'the way it really was' (Ranke). It means to seize to seize hold of
   a memory as it flashes up at a moment of danger. (68)


Christiane Weller, in a recent conference paper which drew my attention to Benjamin's concept of history and was also a source of inspiration for this essay, comments on this passage: 'The relation between past and present is neither based on causality, nor on analogy, but on affinity--not given but chosen'. (69) Further on, Benjamin elaborates:
   Historicism contents itself with establishing a causal connection
   between various moments in history. But no fact that is a cause is
   for that very reason historical. It became historical posthumously,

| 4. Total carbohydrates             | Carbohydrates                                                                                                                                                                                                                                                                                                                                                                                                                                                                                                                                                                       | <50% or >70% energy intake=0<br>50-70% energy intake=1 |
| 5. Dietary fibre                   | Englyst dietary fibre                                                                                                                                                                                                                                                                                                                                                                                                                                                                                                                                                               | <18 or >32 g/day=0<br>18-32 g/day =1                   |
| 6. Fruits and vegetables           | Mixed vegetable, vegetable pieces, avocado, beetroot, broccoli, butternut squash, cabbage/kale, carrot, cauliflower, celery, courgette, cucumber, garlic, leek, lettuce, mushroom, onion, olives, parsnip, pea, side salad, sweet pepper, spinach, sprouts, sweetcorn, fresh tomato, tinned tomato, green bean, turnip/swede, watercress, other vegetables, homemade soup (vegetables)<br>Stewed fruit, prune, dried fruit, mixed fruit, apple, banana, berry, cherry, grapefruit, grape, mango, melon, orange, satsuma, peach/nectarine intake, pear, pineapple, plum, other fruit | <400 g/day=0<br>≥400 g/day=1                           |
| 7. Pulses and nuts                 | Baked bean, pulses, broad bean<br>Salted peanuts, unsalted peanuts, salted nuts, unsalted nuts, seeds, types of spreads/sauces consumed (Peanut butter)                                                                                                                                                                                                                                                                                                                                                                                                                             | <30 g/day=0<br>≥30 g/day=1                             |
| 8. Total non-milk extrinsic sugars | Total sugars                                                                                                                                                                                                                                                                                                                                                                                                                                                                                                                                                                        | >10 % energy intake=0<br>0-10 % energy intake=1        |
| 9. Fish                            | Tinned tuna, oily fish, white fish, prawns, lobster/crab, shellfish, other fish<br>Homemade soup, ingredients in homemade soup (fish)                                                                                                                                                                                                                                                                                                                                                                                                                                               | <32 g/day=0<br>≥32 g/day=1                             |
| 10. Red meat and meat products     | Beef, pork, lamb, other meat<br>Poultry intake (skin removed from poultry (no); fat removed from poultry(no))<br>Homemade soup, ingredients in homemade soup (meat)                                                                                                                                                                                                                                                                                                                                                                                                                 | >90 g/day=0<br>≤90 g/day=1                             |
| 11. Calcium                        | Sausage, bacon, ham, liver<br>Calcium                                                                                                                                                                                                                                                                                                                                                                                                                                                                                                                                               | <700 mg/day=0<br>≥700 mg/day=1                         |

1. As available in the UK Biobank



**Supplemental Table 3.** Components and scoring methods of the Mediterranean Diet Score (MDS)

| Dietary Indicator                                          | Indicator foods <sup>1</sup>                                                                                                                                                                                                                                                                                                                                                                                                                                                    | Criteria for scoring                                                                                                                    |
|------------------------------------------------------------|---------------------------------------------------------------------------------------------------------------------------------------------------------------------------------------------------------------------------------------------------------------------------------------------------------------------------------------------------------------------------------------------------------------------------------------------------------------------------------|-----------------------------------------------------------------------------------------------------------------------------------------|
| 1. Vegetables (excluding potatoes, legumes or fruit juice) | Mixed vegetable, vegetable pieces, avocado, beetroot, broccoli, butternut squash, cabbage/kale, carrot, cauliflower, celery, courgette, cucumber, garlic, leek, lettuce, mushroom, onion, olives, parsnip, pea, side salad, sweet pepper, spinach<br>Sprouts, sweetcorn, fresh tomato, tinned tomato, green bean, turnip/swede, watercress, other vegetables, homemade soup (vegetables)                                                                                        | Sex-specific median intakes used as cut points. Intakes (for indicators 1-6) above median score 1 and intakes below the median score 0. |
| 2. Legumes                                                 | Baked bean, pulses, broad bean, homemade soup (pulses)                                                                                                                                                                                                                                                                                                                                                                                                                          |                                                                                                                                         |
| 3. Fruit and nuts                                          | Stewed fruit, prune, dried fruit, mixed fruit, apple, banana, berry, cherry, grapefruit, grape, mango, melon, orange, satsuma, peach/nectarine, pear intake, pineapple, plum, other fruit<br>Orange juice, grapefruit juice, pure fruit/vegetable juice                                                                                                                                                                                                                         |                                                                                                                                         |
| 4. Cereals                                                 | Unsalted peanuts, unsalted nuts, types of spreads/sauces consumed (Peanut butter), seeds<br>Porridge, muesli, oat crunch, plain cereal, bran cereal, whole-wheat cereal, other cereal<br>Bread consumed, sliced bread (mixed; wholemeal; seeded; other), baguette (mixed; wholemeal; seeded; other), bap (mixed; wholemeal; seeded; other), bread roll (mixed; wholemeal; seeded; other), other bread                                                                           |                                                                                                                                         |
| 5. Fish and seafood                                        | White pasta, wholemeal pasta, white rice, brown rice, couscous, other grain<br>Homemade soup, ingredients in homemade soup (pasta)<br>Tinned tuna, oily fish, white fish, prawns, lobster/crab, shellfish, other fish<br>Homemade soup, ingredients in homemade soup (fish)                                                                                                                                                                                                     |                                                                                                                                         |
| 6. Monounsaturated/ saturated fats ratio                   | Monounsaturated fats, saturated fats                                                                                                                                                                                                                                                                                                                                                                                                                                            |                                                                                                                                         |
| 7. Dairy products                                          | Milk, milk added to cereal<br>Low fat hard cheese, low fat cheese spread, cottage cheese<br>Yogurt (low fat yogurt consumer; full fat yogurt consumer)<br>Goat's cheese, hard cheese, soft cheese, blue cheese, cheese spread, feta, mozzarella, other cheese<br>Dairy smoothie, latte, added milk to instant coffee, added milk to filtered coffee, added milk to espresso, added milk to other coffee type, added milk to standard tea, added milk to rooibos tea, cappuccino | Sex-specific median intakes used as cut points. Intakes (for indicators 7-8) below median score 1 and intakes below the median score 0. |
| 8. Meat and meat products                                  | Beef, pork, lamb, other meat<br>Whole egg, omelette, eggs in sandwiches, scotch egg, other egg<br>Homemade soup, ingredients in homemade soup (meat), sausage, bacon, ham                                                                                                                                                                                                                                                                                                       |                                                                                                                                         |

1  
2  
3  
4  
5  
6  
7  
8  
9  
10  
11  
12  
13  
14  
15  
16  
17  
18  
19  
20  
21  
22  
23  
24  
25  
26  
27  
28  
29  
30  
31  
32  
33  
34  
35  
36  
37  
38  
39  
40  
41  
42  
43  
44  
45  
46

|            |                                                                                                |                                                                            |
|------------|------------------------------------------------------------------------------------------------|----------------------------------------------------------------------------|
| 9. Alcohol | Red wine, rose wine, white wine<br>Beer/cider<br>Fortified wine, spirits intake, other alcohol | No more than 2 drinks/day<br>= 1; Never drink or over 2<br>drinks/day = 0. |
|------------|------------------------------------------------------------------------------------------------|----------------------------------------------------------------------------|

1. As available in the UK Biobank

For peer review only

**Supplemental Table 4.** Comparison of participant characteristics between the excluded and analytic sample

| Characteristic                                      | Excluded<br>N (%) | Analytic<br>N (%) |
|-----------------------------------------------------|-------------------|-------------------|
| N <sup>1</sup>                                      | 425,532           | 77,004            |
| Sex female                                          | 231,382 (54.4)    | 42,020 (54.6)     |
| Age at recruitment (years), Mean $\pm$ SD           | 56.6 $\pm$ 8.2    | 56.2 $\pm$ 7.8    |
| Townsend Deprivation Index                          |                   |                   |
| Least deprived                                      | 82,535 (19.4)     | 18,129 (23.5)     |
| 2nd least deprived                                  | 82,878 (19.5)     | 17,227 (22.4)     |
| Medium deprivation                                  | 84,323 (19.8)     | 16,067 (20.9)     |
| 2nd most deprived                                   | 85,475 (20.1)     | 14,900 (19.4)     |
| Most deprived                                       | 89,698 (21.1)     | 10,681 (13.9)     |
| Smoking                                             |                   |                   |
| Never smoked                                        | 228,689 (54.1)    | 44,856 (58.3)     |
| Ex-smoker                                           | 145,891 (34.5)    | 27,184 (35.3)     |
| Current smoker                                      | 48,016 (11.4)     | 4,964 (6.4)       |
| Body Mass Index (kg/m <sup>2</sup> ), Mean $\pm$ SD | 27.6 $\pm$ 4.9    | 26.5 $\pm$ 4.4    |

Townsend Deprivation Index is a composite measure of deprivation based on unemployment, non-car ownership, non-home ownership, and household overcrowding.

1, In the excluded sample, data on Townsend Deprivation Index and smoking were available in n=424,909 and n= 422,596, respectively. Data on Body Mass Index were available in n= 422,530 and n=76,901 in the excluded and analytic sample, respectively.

as it were, through events that may be separated from it by
   thousands of years. A historian who takes this as his point of
   departure stops telling the sequence of events like the beads of a
   rosary. Instead, he grasps the constellation which his own era has
   formed with a definite earlier one. (70)


This grasping of the constellation is the basis of that affinity of which Weller speaks. Benjamin's words sound remarkably like Lacan's. Weller speculates that they may have come into contact. (71) Certainly each had good reason to consider both the making and the bearing of public history at this time. (72) Like Benjamin, I believe that there are times, those times most traumatic and difficult to bear--such as the time of the rise of fascism, World War Two, and its aftermath--when something akin to an analysis may take place; we may seize a moment in the past, recognizable to us as our own in a flash of affinity. In this seizing we choose a founding history, to paraphrase Lacan, a 'what we will have been for what we are in the process of becoming'--so that the unspeakable trauma can be spoken. (73)